Sesame Street continues to strive to educate the younger generation and in order to better do that they’re working on reflecting real issues affecting kids today. They recently introduced their first Black humanoid Muppets, father and son duo Elijah and Wes, as part of their the “ABCs of Racial Literacy” a resource that’s part of the “Coming Together” initiative for racial justice. They recently debuted a video entitled “Spanish is my Superpower” where Rosita tells her friend, Sofia, about experiencing a racist incident when she was speaking Spanish with her mother at the supermarket.
Rosita, (full name: Rosita, la Monstrua de las Cuevas) is a 5-year-old turquoise Mexican bilingual monster Muppet, she is the first regular bilingual Muppet on the show and made her debut in 1991. In the video (which is also available in Spanish) they discuss how to cope with the situation and brainstorm solutions while celebrating speaking Spanish.
“People didn’t like that we were speaking Spanish and they got mad at us,” Rosita tells Sofia after sharing they were playing Veo,Veo (I Spy) at that market. “They yelled at us that we should speak English and they looked so angry. I was so scared I hold my mommy’s hand and she told me that we had to leave.”
This truly heartbreaking scene is representative of the realities many Spanish speakers face in the U.S. with incidents like when Air Force member Xiara Mercado was verbally assaulted at Starbucks for speaking on the phone in Spanish. Another attack occurred in 2018 when New York attorney Aaron Schlossberg began berating employees at Fresh Kitchen in Manhattan for speaking Spanish to their customers. This powerful conversation and the solutions they come up is indicative of the prevalence of racial prejudice people of all ages are facing in the U.S.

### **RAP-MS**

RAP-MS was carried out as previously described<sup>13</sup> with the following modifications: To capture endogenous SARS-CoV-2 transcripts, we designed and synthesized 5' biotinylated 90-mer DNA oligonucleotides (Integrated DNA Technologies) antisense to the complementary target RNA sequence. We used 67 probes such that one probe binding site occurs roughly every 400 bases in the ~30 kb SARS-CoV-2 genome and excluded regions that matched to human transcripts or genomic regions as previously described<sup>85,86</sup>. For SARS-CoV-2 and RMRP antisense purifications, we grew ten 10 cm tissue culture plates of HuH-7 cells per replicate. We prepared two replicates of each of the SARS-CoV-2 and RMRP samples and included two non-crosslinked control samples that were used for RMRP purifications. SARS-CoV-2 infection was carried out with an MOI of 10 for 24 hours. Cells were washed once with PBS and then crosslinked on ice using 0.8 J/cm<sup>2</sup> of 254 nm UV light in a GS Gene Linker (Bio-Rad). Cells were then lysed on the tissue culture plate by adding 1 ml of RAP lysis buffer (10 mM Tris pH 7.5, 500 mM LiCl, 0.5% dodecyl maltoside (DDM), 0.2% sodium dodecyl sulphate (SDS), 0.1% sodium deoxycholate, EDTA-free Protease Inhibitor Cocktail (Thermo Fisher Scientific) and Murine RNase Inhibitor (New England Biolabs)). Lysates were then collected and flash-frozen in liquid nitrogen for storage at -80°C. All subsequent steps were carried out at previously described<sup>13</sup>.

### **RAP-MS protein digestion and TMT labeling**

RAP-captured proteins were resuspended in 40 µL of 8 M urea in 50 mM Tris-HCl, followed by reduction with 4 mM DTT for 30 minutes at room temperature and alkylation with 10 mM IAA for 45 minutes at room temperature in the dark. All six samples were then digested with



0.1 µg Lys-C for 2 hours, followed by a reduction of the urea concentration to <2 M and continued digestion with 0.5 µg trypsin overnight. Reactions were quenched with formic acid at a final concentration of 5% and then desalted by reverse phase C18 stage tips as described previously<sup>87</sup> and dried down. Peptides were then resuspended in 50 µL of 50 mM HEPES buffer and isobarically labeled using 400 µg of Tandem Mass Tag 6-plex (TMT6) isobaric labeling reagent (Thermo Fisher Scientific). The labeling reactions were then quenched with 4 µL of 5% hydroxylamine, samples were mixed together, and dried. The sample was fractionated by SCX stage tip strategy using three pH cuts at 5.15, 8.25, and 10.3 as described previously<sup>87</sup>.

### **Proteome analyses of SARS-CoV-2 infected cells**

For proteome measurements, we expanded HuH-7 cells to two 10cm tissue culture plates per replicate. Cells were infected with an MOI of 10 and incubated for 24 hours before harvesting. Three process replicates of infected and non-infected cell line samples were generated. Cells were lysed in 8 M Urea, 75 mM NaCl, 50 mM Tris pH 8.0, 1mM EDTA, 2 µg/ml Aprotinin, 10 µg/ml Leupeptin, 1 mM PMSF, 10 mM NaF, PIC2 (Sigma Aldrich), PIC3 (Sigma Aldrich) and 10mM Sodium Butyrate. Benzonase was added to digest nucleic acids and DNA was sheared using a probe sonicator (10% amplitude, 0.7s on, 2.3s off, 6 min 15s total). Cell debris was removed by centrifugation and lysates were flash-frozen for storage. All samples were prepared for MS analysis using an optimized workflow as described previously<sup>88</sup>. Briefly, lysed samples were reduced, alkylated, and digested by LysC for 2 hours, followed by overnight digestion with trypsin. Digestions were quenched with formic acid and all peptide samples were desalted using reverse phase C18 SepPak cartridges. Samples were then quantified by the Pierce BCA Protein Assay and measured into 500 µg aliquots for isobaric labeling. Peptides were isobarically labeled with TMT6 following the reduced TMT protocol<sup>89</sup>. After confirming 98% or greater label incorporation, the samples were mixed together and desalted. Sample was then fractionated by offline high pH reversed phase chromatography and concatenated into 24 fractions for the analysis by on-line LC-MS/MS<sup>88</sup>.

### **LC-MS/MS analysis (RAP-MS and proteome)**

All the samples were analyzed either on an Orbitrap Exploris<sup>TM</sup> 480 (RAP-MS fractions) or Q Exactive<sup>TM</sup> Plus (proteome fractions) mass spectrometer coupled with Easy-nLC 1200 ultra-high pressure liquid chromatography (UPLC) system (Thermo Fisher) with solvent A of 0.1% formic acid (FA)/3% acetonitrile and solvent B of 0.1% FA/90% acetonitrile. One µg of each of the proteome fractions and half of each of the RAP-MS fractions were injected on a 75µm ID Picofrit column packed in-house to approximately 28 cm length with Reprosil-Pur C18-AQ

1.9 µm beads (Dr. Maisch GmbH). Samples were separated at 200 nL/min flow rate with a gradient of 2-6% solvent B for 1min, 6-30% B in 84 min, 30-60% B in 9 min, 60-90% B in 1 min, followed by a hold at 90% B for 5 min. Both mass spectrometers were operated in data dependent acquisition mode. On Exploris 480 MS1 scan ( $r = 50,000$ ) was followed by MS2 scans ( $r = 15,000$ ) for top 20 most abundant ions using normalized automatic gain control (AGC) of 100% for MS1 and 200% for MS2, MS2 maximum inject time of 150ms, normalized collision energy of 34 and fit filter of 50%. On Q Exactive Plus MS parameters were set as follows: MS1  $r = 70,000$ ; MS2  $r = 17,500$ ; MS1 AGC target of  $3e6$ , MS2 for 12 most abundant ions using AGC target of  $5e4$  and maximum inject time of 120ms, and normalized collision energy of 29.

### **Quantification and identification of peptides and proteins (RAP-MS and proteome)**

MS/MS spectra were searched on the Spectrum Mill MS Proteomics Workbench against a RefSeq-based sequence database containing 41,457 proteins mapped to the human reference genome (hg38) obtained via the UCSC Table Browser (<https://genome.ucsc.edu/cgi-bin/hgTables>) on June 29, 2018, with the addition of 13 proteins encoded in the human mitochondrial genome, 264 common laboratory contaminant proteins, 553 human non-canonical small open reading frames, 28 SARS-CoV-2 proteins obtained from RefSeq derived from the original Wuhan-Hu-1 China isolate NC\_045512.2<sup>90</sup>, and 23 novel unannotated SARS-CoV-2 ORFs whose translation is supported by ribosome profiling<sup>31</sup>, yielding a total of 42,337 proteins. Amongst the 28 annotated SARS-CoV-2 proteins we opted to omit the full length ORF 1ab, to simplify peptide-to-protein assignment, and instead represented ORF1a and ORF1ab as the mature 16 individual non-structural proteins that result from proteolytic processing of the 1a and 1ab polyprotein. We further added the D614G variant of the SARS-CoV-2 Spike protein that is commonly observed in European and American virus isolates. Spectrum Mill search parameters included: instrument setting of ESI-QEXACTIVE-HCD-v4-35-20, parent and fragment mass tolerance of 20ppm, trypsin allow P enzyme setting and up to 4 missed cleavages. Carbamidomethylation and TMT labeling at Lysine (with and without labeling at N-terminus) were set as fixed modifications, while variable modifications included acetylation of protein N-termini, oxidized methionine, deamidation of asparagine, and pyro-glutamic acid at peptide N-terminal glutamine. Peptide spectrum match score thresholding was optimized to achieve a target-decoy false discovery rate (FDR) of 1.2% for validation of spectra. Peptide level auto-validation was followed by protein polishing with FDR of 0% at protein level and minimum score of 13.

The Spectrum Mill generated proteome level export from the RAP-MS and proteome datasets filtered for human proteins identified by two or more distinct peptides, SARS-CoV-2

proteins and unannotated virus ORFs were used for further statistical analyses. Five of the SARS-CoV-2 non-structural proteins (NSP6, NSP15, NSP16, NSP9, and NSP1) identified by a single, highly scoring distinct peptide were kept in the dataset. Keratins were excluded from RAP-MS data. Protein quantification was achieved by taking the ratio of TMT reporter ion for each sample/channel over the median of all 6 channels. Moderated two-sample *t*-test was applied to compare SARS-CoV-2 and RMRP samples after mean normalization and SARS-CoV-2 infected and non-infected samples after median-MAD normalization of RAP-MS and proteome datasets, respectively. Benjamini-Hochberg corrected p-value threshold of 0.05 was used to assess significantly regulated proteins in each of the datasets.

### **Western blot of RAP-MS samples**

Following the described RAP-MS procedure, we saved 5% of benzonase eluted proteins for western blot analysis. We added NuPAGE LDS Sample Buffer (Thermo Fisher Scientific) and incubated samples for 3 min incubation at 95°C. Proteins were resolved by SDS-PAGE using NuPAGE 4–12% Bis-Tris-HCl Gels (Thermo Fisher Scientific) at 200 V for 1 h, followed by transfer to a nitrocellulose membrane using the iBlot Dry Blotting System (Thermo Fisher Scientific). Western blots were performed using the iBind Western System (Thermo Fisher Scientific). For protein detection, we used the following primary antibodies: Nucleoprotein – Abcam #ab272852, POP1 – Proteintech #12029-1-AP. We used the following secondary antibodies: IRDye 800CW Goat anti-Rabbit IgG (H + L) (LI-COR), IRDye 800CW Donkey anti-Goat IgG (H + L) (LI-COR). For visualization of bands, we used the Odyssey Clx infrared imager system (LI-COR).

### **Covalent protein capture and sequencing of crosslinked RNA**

According to a recent Children and Racism study commissioned by Sesame Workshop of children ages 6-11 and their parents, racism was top of mind for nearly half the children surveyed with racism more prevalent in responses of Black children. The majority of parents were comfortable with children learning about race and racism through media, books, or school, yet only 23 percent of parents report that specific resources helped them prepare for discussions with their children.
“Unfortunately children are growing up in a complicated, flawed, and often unfair world—but parents and caregivers hold great power to help children understand the world around them. It can be hard for both kids and parents to know how to handle scary or hurtful race-based encounters, and the ‘ABCs of Racial Literacy’ is designed to give families the tools and strategies they need to have open conversations about racism,” Rocío Galarza, VP of US Social Impact, Sesame Workshop, tells HipLatina. “In Spanish is my Superpower, Rosita and the caring adults around her—her Mami and friend Sofia—explore important skills in dealing with racism, while fostering pride in her “superpower” of speaking Spanish.”